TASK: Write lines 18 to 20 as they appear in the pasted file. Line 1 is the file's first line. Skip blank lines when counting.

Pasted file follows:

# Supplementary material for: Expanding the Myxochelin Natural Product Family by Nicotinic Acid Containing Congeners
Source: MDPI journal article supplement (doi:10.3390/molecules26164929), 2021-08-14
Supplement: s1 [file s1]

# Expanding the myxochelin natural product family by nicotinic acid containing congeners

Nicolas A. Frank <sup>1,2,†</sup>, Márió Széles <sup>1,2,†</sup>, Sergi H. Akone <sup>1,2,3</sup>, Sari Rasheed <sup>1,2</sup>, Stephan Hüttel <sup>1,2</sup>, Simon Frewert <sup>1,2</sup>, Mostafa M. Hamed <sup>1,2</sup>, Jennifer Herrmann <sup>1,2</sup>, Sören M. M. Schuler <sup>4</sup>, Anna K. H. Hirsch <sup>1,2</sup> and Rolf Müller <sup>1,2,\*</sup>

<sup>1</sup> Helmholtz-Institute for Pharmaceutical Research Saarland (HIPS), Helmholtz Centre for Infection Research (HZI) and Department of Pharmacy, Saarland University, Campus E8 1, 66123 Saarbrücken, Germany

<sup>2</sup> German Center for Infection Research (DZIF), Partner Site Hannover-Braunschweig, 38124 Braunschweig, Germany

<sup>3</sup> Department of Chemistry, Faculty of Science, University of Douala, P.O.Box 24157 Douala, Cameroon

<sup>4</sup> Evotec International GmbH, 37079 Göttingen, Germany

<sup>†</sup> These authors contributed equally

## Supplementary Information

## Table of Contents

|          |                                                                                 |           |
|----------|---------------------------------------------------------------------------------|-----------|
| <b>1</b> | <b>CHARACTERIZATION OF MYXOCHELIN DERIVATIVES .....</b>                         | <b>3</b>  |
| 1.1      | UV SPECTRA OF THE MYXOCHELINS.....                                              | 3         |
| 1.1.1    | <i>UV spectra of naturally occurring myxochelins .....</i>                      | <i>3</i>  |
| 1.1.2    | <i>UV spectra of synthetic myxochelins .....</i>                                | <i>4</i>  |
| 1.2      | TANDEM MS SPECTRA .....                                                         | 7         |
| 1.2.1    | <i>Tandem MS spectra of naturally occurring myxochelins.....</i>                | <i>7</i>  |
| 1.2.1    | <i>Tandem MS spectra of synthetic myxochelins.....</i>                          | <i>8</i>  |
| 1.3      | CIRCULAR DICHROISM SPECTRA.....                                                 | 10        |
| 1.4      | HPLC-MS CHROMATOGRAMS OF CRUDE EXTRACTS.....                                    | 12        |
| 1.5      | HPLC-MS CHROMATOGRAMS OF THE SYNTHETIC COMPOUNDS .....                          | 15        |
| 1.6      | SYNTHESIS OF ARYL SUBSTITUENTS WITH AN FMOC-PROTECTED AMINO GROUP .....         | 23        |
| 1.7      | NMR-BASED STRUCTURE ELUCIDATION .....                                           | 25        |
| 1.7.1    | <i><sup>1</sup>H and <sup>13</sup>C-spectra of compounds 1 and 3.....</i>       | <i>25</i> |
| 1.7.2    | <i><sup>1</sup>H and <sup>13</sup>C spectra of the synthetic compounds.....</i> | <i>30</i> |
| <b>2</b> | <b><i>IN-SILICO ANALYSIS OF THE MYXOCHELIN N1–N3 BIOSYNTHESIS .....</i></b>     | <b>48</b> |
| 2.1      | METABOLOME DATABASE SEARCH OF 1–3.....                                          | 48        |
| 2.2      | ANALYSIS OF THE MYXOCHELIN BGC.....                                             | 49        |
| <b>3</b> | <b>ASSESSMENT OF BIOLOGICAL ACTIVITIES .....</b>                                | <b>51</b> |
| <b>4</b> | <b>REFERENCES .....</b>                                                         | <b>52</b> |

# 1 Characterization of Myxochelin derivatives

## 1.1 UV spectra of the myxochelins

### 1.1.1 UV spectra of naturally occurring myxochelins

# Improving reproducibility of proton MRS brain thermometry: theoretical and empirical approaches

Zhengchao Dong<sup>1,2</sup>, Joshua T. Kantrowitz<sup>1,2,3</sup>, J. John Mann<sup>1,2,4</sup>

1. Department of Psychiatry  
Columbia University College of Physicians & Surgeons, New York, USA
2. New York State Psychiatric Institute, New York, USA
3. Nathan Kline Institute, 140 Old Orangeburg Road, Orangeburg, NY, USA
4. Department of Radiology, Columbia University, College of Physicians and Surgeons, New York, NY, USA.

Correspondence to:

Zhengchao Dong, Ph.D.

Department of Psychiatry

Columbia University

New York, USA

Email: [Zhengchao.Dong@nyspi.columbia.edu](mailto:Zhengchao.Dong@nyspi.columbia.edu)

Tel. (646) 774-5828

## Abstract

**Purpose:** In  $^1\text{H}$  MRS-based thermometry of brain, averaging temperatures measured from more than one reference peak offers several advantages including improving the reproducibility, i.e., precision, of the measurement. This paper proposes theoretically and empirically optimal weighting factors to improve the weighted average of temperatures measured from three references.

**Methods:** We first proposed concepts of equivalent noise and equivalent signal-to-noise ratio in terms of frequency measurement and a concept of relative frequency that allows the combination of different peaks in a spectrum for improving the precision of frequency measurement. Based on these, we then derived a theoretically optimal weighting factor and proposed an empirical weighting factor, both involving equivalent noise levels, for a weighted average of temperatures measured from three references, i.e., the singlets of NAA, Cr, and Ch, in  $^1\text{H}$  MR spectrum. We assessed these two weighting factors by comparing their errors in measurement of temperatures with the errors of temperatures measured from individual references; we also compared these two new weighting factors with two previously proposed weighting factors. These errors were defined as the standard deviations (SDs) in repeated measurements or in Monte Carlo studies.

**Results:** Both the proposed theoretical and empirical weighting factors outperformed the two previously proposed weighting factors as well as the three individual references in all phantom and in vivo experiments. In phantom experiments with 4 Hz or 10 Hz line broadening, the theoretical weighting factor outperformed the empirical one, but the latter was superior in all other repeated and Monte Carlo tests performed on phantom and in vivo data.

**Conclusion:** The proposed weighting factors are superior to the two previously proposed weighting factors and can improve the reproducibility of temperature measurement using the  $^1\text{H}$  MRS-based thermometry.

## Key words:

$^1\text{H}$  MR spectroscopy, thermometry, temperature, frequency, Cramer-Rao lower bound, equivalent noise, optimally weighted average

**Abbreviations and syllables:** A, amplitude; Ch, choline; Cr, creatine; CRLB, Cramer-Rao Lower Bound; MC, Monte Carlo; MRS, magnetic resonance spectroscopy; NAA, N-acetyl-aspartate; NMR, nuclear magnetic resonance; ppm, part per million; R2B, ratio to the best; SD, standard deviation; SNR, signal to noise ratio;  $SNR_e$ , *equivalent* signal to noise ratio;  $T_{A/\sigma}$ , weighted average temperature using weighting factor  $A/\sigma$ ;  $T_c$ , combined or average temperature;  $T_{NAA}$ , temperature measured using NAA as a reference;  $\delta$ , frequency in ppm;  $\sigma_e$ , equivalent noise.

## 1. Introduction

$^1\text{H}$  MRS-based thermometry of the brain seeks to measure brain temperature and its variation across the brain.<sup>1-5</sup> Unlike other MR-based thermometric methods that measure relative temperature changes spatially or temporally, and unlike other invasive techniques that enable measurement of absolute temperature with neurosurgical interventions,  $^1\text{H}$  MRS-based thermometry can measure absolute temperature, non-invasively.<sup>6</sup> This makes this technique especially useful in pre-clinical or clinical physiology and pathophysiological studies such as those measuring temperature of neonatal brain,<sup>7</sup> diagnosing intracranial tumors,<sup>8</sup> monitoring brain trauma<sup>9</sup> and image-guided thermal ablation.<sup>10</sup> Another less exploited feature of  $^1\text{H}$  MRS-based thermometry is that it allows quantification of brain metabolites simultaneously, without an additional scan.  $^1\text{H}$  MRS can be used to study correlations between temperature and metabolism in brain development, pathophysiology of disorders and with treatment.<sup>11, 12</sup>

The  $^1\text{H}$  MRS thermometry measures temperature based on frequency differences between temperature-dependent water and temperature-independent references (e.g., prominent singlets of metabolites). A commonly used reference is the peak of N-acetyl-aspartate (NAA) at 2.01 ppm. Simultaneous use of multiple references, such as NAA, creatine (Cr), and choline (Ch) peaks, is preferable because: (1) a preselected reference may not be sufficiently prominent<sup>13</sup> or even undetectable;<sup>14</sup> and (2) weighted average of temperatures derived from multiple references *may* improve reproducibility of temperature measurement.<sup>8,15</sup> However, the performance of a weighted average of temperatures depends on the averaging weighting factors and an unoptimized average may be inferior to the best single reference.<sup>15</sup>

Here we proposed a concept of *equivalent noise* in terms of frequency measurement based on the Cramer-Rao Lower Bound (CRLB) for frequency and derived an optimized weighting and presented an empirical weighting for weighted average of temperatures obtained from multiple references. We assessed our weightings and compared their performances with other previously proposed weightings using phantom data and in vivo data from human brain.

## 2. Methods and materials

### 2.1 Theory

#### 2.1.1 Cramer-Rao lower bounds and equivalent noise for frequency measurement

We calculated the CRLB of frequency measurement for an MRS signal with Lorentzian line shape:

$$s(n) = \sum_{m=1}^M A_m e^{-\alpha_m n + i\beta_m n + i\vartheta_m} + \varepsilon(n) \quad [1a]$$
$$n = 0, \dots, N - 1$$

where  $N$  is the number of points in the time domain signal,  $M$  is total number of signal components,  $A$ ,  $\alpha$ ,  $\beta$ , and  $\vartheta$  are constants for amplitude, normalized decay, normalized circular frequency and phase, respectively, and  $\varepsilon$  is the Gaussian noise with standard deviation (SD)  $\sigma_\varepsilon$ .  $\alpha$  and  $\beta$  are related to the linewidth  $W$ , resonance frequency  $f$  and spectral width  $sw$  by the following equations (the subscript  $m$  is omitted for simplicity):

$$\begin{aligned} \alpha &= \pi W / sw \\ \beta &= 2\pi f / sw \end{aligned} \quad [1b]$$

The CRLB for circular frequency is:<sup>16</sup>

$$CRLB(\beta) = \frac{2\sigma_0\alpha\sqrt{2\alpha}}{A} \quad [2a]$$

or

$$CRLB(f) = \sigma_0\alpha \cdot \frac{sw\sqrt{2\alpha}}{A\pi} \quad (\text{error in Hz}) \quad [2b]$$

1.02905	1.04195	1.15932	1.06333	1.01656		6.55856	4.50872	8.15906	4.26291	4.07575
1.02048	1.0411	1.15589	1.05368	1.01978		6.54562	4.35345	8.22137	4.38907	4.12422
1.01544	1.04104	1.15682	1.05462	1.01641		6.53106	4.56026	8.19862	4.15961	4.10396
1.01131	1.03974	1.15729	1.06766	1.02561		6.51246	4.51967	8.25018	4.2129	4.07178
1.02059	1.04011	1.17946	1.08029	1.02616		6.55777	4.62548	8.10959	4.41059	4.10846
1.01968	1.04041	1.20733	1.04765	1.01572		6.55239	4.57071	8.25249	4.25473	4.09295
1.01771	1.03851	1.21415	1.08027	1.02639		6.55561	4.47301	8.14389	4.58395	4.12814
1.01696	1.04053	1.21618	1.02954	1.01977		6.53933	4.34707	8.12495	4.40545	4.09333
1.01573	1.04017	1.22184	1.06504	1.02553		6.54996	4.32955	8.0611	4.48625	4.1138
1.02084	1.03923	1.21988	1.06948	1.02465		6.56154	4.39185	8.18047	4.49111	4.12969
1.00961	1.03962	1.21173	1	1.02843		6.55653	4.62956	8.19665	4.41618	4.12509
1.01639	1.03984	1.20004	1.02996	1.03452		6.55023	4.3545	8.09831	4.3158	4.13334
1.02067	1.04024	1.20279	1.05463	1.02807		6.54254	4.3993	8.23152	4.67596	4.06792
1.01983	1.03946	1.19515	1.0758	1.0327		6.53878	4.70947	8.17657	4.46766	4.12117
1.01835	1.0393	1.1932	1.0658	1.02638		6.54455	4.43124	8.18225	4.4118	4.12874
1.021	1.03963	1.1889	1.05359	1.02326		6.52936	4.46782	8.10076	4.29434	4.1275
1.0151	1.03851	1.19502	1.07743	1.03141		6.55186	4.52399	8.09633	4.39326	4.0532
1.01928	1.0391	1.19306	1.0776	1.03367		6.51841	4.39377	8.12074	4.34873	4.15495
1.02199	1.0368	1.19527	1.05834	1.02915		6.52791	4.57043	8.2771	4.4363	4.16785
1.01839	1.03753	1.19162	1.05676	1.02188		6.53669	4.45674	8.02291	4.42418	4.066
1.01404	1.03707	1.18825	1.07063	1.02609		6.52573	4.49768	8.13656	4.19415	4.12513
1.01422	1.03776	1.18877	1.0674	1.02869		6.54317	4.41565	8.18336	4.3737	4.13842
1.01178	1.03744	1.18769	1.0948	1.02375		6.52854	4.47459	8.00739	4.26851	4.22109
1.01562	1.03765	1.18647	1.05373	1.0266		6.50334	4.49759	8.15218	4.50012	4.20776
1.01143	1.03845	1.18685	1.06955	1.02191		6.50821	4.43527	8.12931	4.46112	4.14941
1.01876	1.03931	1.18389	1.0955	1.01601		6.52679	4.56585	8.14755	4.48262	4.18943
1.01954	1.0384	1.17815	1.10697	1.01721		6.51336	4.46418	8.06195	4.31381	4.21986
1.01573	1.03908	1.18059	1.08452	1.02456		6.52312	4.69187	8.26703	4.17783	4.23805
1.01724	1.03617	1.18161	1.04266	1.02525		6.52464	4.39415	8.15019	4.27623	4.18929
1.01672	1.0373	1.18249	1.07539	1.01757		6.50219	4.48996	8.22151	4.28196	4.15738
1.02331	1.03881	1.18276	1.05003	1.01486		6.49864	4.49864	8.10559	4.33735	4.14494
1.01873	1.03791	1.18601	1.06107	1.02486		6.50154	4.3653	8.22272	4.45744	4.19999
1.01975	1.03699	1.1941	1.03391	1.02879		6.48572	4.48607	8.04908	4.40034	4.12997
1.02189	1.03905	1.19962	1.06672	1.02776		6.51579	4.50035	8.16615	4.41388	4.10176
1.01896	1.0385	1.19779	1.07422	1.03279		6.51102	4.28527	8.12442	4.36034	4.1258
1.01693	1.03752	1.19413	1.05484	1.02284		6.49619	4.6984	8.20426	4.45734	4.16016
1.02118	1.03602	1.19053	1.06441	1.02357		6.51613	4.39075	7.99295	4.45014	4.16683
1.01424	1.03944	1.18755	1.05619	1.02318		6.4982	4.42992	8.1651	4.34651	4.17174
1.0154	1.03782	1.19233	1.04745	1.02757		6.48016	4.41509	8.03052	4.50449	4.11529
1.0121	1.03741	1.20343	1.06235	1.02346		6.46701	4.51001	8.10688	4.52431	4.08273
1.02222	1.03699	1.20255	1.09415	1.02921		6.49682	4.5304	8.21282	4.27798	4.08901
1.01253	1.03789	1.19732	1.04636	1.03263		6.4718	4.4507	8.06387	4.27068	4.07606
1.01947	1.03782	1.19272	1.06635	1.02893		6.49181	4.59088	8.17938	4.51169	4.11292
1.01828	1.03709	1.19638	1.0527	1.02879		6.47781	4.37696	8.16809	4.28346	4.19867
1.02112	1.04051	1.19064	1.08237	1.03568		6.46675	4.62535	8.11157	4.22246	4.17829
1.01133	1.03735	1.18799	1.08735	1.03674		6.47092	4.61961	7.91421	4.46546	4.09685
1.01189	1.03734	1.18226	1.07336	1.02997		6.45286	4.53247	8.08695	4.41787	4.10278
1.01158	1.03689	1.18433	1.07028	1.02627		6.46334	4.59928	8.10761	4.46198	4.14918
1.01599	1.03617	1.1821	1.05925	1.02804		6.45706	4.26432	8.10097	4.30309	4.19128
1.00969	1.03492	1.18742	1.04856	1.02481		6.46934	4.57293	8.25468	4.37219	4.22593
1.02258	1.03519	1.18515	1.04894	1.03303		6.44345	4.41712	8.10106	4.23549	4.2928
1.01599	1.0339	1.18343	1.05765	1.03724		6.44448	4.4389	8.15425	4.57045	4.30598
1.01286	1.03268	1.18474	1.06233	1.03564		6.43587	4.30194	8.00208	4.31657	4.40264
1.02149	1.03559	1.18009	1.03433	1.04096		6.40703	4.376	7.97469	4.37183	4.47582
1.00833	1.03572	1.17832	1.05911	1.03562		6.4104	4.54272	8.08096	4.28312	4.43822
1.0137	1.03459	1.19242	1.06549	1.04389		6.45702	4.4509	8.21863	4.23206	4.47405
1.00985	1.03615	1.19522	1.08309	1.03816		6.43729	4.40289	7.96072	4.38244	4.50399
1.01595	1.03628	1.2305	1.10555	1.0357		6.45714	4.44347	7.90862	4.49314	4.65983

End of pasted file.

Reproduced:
| 1.1.2    | <i>UV spectra of synthetic myxochelins .....</i>                                | <i>4</i>  |
| 1.2      | TANDEM MS SPECTRA .....                                                         | 7         |
| 1.2.1    | <i>Tandem MS spectra of naturally occurring myxochelins.....</i>                | <i>7</i>  |